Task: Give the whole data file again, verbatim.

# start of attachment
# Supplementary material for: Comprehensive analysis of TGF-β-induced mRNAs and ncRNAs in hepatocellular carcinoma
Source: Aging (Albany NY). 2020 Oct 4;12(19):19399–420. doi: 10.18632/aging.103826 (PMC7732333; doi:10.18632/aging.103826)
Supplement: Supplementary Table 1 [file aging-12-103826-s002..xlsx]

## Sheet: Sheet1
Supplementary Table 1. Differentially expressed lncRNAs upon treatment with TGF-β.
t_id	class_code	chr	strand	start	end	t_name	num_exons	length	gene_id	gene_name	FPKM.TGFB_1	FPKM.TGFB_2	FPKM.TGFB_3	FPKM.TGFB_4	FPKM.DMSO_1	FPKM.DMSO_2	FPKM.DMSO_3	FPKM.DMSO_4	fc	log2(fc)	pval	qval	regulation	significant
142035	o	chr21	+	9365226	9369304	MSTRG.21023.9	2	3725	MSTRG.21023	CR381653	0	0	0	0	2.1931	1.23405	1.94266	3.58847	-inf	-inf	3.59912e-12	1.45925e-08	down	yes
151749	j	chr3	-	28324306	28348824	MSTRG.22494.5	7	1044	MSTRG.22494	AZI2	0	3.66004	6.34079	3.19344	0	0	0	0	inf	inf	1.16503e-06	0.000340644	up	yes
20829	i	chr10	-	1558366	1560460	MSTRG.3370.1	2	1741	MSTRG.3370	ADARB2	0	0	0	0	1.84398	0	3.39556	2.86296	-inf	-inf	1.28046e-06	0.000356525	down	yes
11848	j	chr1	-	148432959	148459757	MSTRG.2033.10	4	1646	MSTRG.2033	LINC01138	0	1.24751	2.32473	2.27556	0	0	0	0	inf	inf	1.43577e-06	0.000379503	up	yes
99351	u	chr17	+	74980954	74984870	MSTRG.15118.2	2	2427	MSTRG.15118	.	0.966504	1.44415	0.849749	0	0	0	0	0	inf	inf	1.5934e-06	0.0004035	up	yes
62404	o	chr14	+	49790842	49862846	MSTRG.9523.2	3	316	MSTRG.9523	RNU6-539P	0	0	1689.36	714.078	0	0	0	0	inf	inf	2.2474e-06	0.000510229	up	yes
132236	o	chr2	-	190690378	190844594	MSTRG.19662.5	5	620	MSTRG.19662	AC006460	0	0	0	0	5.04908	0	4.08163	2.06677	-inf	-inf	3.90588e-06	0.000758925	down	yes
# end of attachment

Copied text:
# Supplementary material for: Comprehensive analysis of TGF-β-induced mRNAs and ncRNAs in hepatocellular carcinoma
Source: Aging (Albany NY). 2020 Oct 4;12(19):19399–420. doi: 10.18632/aging.103826 (PMC7732333; doi:10.18632/aging.103826)
Supplement: Supplementary Table 1 [file aging-12-103826-s002..xlsx]

## Sheet: Sheet1
Supplementary Table 1. Differentially expressed lncRNAs upon treatment with TGF-β.
t_id	class_code	chr	strand	start	end	t_name	num_exons	length	gene_id	gene_name	FPKM.TGFB_1	FPKM.TGFB_2	FPKM.TGFB_3	FPKM.TGFB_4	FPKM.DMSO_1	FPKM.DMSO_2	FPKM.DMSO_3	FPKM.DMSO_4	fc	log2(fc)	pval	qval	regulation	significant
142035	o	chr21	+	9365226	9369304	MSTRG.21023.9	2	3725	MSTRG.21023	CR381653	0	0	0	0	2.1931	1.23405	1.94266	3.58847	-inf	-inf	3.59912e-12	1.45925e-08	down	yes
151749	j	chr3	-	28324306	28348824	MSTRG.22494.5	7	1044	MSTRG.22494	AZI2	0	3.66004	6.34079	3.19344	0	0	0	0	inf	inf	1.16503e-06	0.000340644	up	yes
20829	i	chr10	-	1558366	1560460	MSTRG.3370.1	2	1741	MSTRG.3370	ADARB2	0	0	0	0	1.84398	0	3.39556	2.86296	-inf	-inf	1.28046e-06	0.000356525	down	yes
11848	j	chr1	-	148432959	148459757	MSTRG.2033.10	4	1646	MSTRG.2033	LINC01138	0	1.24751	2.32473	2.27556	0	0	0	0	inf	inf	1.43577e-06	0.000379503	up	yes
99351	u	chr17	+	74980954	74984870	MSTRG.15118.2	2	2427	MSTRG.15118	.	0.966504	1.44415	0.849749	0	0	0	0	0	inf	inf	1.5934e-06	0.0004035	up	yes
62404	o	chr14	+	49790842	49862846	MSTRG.9523.2	3	316	MSTRG.9523	RNU6-539P	0	0	1689.36	714.078	0	0	0	0	inf	inf	2.2474e-06	0.000510229	up	yes
132236	o	chr2	-	190690378	190844594	MSTRG.19662.5	5	620	MSTRG.19662	AC006460	0	0	0	0	5.04908	0	4.08163	2.06677	-inf	-inf	3.90588e-06	0.000758925	down	yes